I think your raising the question of IRB in an ethical context is very important and you seem to me very careful to raise the question that way. The ethics of conducting such experiments on a large number of students are very questionable, especially when there is so much money involved.

    From a formal standpoint, I think it’s important to note that direct educational efforts are typically exempt from IRB (I think the exceptions are things that may already violate school policy, such as giving students injections and things like that). My understanding is that this exemption exists to protect academic freedom: having teachers pre-approve their classroom activities through IRBs does not sound much like freedom of thought. I believe this is why Nicholas Negroponte’s abhorrent project of dropping laptops into African villages was able to get IRB “approval,” in some twisted fantasy world (though MIT voluntarily follows its own IRB guidelines for projects that aren’t federally-funded, somewhat differently from public institutions; obviously that project was not part of a standard class on the MIT roster, which is part of the criteria at my school). I am not even uncomfortable with raising the question of whether MOOCs are such a dramatic change in college structure that they require IRB approval; I am just putting in my .02 for the importance of keeping classroom education, if possible, out of the IRB world, for reasons too numerous to mention.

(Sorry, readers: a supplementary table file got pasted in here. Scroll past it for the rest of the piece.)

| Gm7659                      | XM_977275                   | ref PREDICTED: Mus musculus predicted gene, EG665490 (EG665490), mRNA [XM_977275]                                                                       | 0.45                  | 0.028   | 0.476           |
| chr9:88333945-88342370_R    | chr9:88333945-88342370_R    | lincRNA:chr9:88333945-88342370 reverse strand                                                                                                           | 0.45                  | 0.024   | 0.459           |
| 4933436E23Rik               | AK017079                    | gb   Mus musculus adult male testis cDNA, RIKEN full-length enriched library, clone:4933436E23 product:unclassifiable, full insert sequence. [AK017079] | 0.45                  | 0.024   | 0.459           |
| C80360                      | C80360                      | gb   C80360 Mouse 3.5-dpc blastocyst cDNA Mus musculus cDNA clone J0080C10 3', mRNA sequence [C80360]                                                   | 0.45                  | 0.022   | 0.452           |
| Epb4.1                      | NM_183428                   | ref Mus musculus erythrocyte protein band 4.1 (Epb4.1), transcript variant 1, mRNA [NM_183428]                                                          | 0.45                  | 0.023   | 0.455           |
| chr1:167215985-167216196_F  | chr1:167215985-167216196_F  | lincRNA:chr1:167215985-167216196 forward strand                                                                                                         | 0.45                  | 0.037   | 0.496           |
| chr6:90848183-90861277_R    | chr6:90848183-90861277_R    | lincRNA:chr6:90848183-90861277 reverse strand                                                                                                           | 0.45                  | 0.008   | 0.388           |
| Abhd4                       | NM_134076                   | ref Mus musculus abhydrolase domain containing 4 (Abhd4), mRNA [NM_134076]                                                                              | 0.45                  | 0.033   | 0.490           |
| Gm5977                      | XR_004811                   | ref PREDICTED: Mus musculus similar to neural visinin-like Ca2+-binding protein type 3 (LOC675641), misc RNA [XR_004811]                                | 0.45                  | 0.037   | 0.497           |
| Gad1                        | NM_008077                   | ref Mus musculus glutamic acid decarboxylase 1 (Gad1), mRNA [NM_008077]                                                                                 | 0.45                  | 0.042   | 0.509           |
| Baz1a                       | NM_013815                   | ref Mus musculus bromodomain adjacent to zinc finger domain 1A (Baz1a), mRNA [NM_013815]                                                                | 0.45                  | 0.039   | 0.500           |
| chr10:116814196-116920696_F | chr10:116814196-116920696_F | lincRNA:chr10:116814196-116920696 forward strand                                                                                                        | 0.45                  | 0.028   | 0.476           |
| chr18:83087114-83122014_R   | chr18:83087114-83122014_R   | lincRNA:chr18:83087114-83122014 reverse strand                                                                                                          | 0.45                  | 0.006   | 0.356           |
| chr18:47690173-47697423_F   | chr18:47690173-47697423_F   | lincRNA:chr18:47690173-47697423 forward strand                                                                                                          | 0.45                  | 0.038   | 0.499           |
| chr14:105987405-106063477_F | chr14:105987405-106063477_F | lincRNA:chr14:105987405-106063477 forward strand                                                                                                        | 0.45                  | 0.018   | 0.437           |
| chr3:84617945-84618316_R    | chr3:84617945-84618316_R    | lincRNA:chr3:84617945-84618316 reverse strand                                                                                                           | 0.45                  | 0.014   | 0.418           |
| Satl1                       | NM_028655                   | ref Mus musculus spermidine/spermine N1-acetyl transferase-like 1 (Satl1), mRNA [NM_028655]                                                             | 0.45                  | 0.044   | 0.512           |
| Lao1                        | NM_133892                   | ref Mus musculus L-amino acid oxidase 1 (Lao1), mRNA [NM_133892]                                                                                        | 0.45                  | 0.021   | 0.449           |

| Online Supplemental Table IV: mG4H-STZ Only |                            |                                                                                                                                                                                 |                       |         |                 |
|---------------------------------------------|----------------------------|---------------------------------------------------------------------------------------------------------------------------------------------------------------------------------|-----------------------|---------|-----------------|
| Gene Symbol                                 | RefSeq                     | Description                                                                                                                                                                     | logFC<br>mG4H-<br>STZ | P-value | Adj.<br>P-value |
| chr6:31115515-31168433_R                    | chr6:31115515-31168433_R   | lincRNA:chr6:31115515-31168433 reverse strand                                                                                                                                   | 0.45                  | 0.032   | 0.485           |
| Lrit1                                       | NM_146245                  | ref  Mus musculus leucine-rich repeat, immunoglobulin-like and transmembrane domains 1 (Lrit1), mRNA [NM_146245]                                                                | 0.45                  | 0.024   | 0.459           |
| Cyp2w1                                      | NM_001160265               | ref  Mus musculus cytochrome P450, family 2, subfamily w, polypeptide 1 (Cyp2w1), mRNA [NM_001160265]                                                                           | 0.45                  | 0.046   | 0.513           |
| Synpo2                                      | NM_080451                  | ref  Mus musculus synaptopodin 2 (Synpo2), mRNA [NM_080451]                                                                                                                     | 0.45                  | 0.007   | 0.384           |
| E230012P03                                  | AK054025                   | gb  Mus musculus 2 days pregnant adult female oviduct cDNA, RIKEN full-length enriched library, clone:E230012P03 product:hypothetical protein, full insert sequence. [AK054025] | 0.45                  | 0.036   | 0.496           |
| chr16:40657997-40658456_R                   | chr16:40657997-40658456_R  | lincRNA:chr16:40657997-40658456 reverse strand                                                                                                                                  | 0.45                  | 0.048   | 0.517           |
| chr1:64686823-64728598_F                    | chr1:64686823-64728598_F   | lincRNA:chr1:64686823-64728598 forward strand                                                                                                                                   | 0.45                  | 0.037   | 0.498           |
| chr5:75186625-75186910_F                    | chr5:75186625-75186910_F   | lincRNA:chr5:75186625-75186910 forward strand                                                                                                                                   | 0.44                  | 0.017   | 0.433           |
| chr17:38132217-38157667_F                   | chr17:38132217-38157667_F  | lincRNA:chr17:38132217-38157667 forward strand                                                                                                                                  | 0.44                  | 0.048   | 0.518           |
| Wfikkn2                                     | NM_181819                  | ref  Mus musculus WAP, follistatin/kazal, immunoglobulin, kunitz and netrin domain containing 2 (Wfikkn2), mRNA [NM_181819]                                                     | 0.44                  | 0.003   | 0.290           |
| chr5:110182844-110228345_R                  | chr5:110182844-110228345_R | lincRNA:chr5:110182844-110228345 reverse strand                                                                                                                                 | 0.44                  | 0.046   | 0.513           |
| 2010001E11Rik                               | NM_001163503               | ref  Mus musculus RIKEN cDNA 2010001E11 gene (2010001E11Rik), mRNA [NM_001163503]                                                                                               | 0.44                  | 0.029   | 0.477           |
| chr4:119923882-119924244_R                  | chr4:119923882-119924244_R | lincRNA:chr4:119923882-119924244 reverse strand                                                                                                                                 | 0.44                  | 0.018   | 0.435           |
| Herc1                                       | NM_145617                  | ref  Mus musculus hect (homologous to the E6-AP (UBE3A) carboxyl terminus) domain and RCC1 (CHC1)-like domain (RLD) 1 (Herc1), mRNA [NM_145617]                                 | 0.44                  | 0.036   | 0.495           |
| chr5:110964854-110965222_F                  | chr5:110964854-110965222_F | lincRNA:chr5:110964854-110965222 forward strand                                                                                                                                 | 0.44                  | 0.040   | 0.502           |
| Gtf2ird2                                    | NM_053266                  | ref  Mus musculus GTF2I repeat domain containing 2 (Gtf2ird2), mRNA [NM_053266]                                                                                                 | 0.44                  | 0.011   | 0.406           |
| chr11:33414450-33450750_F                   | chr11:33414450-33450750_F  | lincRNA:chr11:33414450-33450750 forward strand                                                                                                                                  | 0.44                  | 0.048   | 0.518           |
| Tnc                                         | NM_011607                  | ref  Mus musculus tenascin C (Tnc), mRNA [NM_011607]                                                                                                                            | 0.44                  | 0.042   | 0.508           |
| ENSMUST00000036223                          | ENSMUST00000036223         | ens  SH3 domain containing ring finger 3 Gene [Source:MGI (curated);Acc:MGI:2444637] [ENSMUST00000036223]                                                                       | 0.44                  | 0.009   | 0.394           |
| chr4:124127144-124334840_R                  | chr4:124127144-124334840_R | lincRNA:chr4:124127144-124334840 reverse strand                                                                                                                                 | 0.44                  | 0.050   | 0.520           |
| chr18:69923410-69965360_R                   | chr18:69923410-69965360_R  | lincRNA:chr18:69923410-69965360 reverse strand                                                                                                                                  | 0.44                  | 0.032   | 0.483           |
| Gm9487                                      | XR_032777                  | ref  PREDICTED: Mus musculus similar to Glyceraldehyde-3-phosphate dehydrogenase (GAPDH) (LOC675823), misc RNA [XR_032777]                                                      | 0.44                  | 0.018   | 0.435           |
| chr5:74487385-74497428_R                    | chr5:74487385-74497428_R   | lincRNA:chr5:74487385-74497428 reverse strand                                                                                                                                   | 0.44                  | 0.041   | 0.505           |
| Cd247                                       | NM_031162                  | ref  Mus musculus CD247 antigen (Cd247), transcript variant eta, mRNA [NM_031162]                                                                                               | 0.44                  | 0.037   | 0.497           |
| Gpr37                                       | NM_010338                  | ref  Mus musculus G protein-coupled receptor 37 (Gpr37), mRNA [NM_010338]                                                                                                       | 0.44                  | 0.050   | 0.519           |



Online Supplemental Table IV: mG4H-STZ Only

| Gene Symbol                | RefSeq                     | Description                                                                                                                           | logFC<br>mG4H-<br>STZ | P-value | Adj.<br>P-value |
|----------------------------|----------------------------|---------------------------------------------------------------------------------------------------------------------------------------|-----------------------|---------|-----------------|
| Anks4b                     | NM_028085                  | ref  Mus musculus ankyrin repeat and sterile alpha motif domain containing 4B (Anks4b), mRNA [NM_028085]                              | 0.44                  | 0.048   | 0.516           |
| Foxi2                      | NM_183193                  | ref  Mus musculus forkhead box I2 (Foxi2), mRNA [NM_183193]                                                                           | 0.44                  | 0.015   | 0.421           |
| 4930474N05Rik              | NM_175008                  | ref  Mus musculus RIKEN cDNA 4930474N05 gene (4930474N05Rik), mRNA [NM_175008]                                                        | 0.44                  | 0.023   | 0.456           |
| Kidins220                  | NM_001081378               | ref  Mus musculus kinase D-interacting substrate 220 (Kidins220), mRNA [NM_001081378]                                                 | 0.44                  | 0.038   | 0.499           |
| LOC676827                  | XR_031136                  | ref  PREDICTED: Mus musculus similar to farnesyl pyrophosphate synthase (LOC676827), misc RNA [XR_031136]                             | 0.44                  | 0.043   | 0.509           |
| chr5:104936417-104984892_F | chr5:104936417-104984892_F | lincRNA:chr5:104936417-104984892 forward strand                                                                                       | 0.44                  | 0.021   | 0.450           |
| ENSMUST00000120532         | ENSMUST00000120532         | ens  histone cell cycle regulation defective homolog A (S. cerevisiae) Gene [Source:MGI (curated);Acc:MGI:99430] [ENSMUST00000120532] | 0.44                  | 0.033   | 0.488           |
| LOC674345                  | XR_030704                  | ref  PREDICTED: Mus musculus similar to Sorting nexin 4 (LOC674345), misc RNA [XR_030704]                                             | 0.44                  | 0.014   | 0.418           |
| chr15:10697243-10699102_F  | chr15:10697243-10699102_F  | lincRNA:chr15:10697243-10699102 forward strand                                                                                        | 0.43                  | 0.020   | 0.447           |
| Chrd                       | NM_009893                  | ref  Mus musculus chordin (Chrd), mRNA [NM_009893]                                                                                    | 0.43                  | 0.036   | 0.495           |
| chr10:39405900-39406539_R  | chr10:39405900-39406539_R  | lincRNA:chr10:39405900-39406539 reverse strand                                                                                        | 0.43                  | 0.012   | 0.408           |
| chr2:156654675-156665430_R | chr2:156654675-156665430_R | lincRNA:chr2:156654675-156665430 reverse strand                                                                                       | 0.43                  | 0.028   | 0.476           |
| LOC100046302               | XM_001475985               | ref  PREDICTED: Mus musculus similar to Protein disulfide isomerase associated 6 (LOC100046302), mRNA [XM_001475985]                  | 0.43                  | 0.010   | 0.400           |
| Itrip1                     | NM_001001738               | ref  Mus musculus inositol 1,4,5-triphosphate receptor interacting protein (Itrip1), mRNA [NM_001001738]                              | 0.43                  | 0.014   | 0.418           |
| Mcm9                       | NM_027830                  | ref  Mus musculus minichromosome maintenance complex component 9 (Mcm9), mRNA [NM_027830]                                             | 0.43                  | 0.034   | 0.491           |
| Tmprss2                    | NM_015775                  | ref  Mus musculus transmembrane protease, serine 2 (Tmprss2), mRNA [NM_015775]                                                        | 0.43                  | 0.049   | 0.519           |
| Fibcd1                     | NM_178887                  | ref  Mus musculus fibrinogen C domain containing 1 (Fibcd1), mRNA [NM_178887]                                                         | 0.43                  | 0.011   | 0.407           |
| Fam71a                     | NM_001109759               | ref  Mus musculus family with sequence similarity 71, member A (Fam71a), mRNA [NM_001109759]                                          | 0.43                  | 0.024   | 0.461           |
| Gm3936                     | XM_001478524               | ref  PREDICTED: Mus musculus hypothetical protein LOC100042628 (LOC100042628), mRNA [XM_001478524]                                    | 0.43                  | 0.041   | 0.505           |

1. I am pretty intent on saying that there is an IRB ethic of weighting risks and rewards against vulnerability of populations. One need not engage IRB to apply a similar ethic to for-profit, third party experimentation in institutions. But I would argue having an IRB ethic during vendor contract negotiations would be a good way to have a conversation about how programs are rolled out, with what confidence, protections, and compensations for students.

  7. Great article. “Disrupting higher education” is SO much less important than, you know, teaching people things.

    But some kinds of “educational experimentation” are okay, maybe. If I were a math professor, and I had a new idea for teaching calculus, and I tried it in a gen ed course at a public university — would that count as experimenting on students, in the same way as Thrun at SJSU or the Stanford Prison Experiments? Why or why not?

    1. If you were doing this as part of your for-profit company, with a clear goal of making a case for people to hire your company,……

  8. If Thrun failed, it’s because SJSU failed before him. SJSU students after graduating are woefully underprepared. You go to a class, you will pass it. Period. Thrun is expecting these students to actually pass some kind of automated test where you actually need a correct answer.

    In the real world, professors grade on a curve, professors get lazy, and they stand in front of you and talk about their lives. They waste time and they know things are hopeless (because teachers before have failed the students and they can’t catch up in one semester) so they just pass their kids.

    Colleges and real teachers are a mess. And the problem is that kids simply don’t want to be there learning the way they are being taught. Uninspired. Udacity is basically the SAME THING AS COLLEGE. You sit down and watch someone on a video talking and talking and talking. And then you do some problems and take an exam.